Leslie Allen: The message reception formula of v 1, which recurs at v 15, identifies vv 1–14 as an overall unit.

Constable: The Lord instructed Ezekiel to note permanently the day that this revelation came to him, because it was the very day that Nebuchadnezzar began his siege of Jerusalem. This day fell in January (cf. 2 Kings 25:1; Jer. 39:1; 52:4). Block dated it as January 5, 587 B.C., but most scholars follow Parker and Duberstein and date it as January 15, 586 B.C. Ezekiel’s ability to announce the beginning of the siege from Babylon validated his ministry as a prophet.

John Taylor: vv. 1-14 — The section begins therefore with a command from God to the prophet to note down the day, for it was the day when the siege would begin (1, 2). This is followed by a poetical allegory about a cauldron being set on a fire, symbolizing the city’s state of siege (3–5). Then comes a prose statement consisting of two short oracles, each beginning with the words, ‘Woe to the bloody city!’ (6, 9), which enlarge upon and interpret the allegory and at the same time introduce the idea of the cauldron’s symbolical rustiness.

A. (:2-5) Enactment of the Parable – Boil the Pot of Choice Meat

1. (:2) Precise Dating of Siege of Jerusalem by Nebuchadnezzar

“Son of man, write the name of the day, this very day.

The king of Babylon has laid siege to Jerusalem this very day.”

Peter Pett: When he informed those who came to hear him there would certainly be some doubt, but eventually messengers would arrive who would confirm the grim news. Then they knew that this man indeed spoke from God.

2. (:3-5) Parable Details

a. (:3) Boil Water in a Pot

“And speak a parable to the rebellious house, and say to them, ‘Thus says the Lord God, Put on the pot, put it on,

and also pour water in it;’”

Peter Pett: Note the continued use of ‘rebellious house’ for Ezekiel’s hearers. It was not only Jerusalem that was in rebellion against God but almost the whole house of Israel. If they did not hear and repent they would share the fate of Jerusalem.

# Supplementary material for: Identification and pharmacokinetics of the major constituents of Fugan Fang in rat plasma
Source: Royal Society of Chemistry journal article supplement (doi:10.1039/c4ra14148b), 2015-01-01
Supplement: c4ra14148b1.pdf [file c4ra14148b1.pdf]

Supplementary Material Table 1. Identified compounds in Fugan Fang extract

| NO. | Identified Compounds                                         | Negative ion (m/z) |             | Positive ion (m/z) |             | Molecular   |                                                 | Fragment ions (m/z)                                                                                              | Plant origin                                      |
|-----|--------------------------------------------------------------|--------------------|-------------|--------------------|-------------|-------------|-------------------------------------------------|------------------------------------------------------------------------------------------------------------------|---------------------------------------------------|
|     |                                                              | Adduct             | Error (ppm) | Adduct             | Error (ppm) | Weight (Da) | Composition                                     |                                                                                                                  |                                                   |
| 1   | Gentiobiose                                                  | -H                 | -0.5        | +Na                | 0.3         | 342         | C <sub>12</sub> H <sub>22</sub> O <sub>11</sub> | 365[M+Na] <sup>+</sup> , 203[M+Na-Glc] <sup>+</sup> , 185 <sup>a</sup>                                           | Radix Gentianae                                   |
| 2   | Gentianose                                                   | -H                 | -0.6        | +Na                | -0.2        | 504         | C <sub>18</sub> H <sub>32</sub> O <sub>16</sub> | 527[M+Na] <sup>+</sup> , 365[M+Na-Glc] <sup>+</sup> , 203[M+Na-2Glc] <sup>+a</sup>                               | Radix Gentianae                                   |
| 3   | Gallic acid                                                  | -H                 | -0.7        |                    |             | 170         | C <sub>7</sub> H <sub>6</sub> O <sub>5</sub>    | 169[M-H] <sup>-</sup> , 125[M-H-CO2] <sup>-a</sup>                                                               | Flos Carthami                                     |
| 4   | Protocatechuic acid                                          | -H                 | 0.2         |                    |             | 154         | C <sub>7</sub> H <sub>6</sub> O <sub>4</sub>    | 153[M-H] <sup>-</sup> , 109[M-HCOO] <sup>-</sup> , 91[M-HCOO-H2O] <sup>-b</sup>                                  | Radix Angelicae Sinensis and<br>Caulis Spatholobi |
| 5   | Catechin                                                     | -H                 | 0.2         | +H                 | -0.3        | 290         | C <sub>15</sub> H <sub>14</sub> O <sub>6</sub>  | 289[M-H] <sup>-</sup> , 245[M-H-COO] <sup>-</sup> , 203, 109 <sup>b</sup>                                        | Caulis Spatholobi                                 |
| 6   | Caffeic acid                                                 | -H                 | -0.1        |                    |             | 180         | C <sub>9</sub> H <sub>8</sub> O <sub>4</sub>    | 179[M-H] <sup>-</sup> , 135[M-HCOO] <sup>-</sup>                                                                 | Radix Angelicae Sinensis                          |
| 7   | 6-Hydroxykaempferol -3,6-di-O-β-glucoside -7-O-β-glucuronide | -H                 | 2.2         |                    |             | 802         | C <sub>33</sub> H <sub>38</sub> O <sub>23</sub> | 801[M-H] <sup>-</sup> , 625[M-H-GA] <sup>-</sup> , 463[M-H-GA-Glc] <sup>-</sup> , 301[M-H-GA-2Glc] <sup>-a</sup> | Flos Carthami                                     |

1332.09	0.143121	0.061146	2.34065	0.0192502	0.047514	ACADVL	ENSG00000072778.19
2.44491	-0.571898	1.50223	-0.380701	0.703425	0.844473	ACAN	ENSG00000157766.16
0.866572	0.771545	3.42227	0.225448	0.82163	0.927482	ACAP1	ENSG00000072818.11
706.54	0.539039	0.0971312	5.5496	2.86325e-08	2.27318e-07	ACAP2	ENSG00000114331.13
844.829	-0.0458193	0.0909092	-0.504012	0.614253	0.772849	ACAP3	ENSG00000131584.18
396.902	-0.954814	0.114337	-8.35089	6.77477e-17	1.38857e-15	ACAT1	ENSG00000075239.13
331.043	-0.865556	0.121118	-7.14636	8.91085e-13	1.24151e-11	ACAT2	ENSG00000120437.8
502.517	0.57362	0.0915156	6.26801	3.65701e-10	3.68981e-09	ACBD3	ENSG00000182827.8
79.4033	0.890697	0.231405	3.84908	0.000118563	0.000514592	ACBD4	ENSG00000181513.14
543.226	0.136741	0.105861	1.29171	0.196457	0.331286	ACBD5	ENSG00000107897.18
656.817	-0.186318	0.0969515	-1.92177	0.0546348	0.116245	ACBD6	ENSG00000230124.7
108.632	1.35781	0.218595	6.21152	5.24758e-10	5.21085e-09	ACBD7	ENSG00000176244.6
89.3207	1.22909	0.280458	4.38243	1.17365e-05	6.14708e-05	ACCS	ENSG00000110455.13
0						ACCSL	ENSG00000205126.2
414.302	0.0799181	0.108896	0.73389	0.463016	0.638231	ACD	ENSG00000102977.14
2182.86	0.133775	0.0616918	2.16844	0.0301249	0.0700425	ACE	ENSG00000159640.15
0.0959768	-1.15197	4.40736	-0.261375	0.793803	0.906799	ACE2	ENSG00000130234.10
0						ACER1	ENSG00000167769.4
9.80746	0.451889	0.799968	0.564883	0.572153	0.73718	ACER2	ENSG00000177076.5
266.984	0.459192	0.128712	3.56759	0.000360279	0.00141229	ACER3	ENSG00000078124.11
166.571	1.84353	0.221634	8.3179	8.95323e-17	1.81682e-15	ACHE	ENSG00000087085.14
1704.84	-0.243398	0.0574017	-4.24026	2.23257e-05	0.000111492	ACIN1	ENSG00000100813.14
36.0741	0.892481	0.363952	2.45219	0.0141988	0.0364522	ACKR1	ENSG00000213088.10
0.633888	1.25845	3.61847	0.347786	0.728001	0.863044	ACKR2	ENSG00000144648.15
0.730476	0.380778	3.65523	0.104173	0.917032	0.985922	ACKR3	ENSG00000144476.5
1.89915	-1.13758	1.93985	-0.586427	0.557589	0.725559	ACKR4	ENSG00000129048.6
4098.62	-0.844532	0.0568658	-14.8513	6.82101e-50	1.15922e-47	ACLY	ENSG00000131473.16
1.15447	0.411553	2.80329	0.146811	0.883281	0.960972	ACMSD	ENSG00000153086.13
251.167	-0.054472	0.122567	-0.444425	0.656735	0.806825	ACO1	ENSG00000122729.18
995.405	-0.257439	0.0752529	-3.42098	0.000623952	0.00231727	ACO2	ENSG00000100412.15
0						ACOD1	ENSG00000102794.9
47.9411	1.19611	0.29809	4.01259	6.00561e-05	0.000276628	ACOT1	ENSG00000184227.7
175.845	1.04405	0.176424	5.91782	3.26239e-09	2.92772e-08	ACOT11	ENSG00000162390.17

Wiersbe: God called Judah a “rebellious house” not only because they broke His laws and violated His covenant, but also because Zedekiah had broken his treaty with Babylon and incited the displeasure of Nebuchadnezzar.

Galen Doughty: Is the pot a simple pot that anyone would use in their homes or is Ezekiel referring to a pot the temple priests would use when they cooked the meat from the fellowship offerings sacrificed on the altar in the temple? It is unclear but it is possible this is the case. If it is the pot of the priests then the symbolism of the pot is it is holy but now has such a deposit in it that it cannot be cleaned anymore except by melting it down. Judah had been holy to the Lord but now is so unclean it can no longer be saved. It needs to be melted down in order to be clean again.

b. (:4) Boil Choice Pieces of Meat

“Put in it the pieces, Every good piece, the thigh, and the shoulder; Fill it with choice bones.”

Daniel Block: From the description, Jerusalem would be a remarkable feast for Nebuchadnezzar and his armies. “The cook does not appear to be fixing an ordinary dinner; rather, an extraordinarily sumptuous meal is implied by the emphasis on the quality and quantity of meat being prepared.

Wiersbe: The image of the cooking pot takes us back to Ezekiel 11:1-13 where the Jewish leaders boasted that the Jews left in Jerusalem were better than the Jews taken off to Babylon. The Jerusalem Jews were the best “cuts of meat,” while the Jews in Babylon were only the scraps!